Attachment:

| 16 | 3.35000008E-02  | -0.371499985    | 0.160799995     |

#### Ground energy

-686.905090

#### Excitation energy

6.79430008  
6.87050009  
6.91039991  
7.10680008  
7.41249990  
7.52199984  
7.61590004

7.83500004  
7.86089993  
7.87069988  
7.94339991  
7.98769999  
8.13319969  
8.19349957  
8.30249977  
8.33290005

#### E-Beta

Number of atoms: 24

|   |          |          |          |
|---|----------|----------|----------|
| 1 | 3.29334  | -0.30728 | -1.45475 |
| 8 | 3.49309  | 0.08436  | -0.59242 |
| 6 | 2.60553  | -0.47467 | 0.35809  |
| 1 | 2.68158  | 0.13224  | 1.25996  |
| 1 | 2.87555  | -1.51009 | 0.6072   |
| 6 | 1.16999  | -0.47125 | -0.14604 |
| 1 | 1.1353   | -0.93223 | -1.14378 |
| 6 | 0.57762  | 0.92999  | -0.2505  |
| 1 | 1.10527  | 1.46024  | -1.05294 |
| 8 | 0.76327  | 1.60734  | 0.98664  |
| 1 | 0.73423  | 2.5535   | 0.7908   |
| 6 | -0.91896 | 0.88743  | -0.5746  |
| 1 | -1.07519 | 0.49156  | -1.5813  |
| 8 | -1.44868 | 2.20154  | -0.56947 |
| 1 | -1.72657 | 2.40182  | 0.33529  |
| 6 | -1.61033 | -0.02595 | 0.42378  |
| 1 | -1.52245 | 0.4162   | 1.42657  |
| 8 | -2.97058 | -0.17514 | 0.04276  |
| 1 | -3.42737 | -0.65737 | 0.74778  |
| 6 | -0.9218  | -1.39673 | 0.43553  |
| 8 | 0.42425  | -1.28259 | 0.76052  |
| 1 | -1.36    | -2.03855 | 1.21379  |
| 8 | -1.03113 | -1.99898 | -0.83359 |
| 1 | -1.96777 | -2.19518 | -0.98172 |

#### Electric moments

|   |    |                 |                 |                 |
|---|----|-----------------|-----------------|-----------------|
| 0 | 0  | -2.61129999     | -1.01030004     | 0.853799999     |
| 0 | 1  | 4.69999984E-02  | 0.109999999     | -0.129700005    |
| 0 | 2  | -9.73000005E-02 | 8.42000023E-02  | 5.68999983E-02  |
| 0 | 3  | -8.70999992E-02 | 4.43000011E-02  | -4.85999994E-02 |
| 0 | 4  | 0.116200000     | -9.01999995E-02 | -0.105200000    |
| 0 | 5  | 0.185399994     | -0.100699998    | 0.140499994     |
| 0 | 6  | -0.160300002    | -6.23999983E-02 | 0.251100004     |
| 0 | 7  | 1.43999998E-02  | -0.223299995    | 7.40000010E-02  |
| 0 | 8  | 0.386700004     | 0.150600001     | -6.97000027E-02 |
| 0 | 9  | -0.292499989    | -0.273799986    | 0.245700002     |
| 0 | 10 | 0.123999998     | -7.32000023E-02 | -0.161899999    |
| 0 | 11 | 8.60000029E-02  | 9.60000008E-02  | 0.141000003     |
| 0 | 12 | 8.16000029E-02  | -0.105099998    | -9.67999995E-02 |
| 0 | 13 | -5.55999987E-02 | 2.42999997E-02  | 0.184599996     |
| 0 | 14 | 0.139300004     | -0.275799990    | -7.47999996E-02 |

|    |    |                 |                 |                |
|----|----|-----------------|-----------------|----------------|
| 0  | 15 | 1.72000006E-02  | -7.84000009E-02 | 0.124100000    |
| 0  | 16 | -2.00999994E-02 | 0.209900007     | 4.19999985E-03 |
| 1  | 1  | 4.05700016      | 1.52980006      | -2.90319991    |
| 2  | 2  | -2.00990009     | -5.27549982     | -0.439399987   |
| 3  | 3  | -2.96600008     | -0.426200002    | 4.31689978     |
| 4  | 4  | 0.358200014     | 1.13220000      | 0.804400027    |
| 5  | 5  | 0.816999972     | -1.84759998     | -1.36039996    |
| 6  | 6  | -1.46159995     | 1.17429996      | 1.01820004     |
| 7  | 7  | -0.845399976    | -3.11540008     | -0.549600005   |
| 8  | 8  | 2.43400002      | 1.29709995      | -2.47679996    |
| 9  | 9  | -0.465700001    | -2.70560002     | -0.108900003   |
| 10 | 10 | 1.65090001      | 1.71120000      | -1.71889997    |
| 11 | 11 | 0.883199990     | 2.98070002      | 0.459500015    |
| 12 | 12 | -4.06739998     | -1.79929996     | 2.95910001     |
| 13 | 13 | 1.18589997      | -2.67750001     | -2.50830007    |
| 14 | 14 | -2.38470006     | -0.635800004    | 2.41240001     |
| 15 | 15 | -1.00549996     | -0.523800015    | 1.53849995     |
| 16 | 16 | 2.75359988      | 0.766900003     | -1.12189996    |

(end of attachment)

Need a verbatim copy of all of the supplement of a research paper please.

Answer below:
| 16 | 3.35000008E-02  | -0.371499985    | 0.160799995     |

#### Ground energy

-686.905090

#### Excitation energy

6.79430008  
6.87050009  
6.91039991  
7.10680008  
7.41249990  
7.52199984  
7.61590004

7.83500004  
7.86089993  
7.87069988  
7.94339991  
7.98769999  
8.13319969  
8.19349957  
8.30249977  
8.33290005

#### E-Beta

Number of atoms: 24

|   |          |          |          |
|---|----------|----------|----------|
| 1 | 3.29334  | -0.30728 | -1.45475 |
| 8 | 3.49309  | 0.08436  | -0.59242 |
| 6 | 2.60553  | -0.47467 | 0.35809  |
| 1 | 2.68158  | 0.13224  | 1.25996  |
| 1 | 2.87555  | -1.51009 | 0.6072   |
| 6 | 1.16999  | -0.47125 | -0.14604 |
| 1 | 1.1353   | -0.93223 | -1.14378 |
| 6 | 0.57762  | 0.92999  | -0.2505  |
| 1 | 1.10527  | 1.46024  | -1.05294 |
| 8 | 0.76327  | 1.60734  | 0.98664  |
| 1 | 0.73423  | 2.5535   | 0.7908   |
| 6 | -0.91896 | 0.88743  | -0.5746  |
| 1 | -1.07519 | 0.49156  | -1.5813  |
| 8 | -1.44868 | 2.20154  | -0.56947 |
| 1 | -1.72657 | 2.40182  | 0.33529  |
| 6 | -1.61033 | -0.02595 | 0.42378  |
| 1 | -1.52245 | 0.4162   | 1.42657  |
| 8 | -2.97058 | -0.17514 | 0.04276  |
| 1 | -3.42737 | -0.65737 | 0.74778  |
| 6 | -0.9218  | -1.39673 | 0.43553  |
| 8 | 0.42425  | -1.28259 | 0.76052  |
| 1 | -1.36    | -2.03855 | 1.21379  |
| 8 | -1.03113 | -1.99898 | -0.83359 |
| 1 | -1.96777 | -2.19518 | -0.98172 |

#### Electric moments

|   |    |                 |                 |                 |
|---|----|-----------------|-----------------|-----------------|
| 0 | 0  | -2.61129999     | -1.01030004     | 0.853799999     |
| 0 | 1  | 4.69999984E-02  | 0.109999999     | -0.129700005    |
| 0 | 2  | -9.73000005E-02 | 8.42000023E-02  | 5.68999983E-02  |
| 0 | 3  | -8.70999992E-02 | 4.43000011E-02  | -4.85999994E-02 |
| 0 | 4  | 0.116200000     | -9.01999995E-02 | -0.105200000    |
| 0 | 5  | 0.185399994     | -0.100699998    | 0.140499994     |
| 0 | 6  | -0.160300002    | -6.23999983E-02 | 0.251100004     |
| 0 | 7  | 1.43999998E-02  | -0.223299995    | 7.40000010E-02  |
| 0 | 8  | 0.386700004     | 0.150600001     | -6.97000027E-02 |
| 0 | 9  | -0.292499989    | -0.273799986    | 0.245700002     |
| 0 | 10 | 0.123999998     | -7.32000023E-02 | -0.161899999    |
| 0 | 11 | 8.60000029E-02  | 9.60000008E-02  | 0.141000003     |
| 0 | 12 | 8.16000029E-02  | -0.105099998    | -9.67999995E-02 |
| 0 | 13 | -5.55999987E-02 | 2.42999997E-02  | 0.184599996     |
| 0 | 14 | 0.139300004     | -0.275799990    | -7.47999996E-02 |

|    |    |                 |                 |                |
|----|----|-----------------|-----------------|----------------|
| 0  | 15 | 1.72000006E-02  | -7.84000009E-02 | 0.124100000    |
| 0  | 16 | -2.00999994E-02 | 0.209900007     | 4.19999985E-03 |
| 1  | 1  | 4.05700016      | 1.52980006      | -2.90319991    |
| 2  | 2  | -2.00990009     | -5.27549982     | -0.439399987   |
| 3  | 3  | -2.96600008     | -0.426200002    | 4.31689978     |
| 4  | 4  | 0.358200014     | 1.13220000      | 0.804400027    |
| 5  | 5  | 0.816999972     | -1.84759998     | -1.36039996    |
| 6  | 6  | -1.46159995     | 1.17429996      | 1.01820004     |
| 7  | 7  | -0.845399976    | -3.11540008     | -0.549600005   |
| 8  | 8  | 2.43400002      | 1.29709995      | -2.47679996    |
| 9  | 9  | -0.465700001    | -2.70560002     | -0.108900003   |
| 10 | 10 | 1.65090001      | 1.71120000      | -1.71889997    |
| 11 | 11 | 0.883199990     | 2.98070002      | 0.459500015    |
| 12 | 12 | -4.06739998     | -1.79929996     | 2.95910001     |
| 13 | 13 | 1.18589997      | -2.67750001     | -2.50830007    |
| 14 | 14 | -2.38470006     | -0.635800004    | 2.41240001     |
| 15 | 15 | -1.00549996     | -0.523800015    | 1.53849995     |
| 16 | 16 | 2.75359988      | 0.766900003     | -1.12189996    |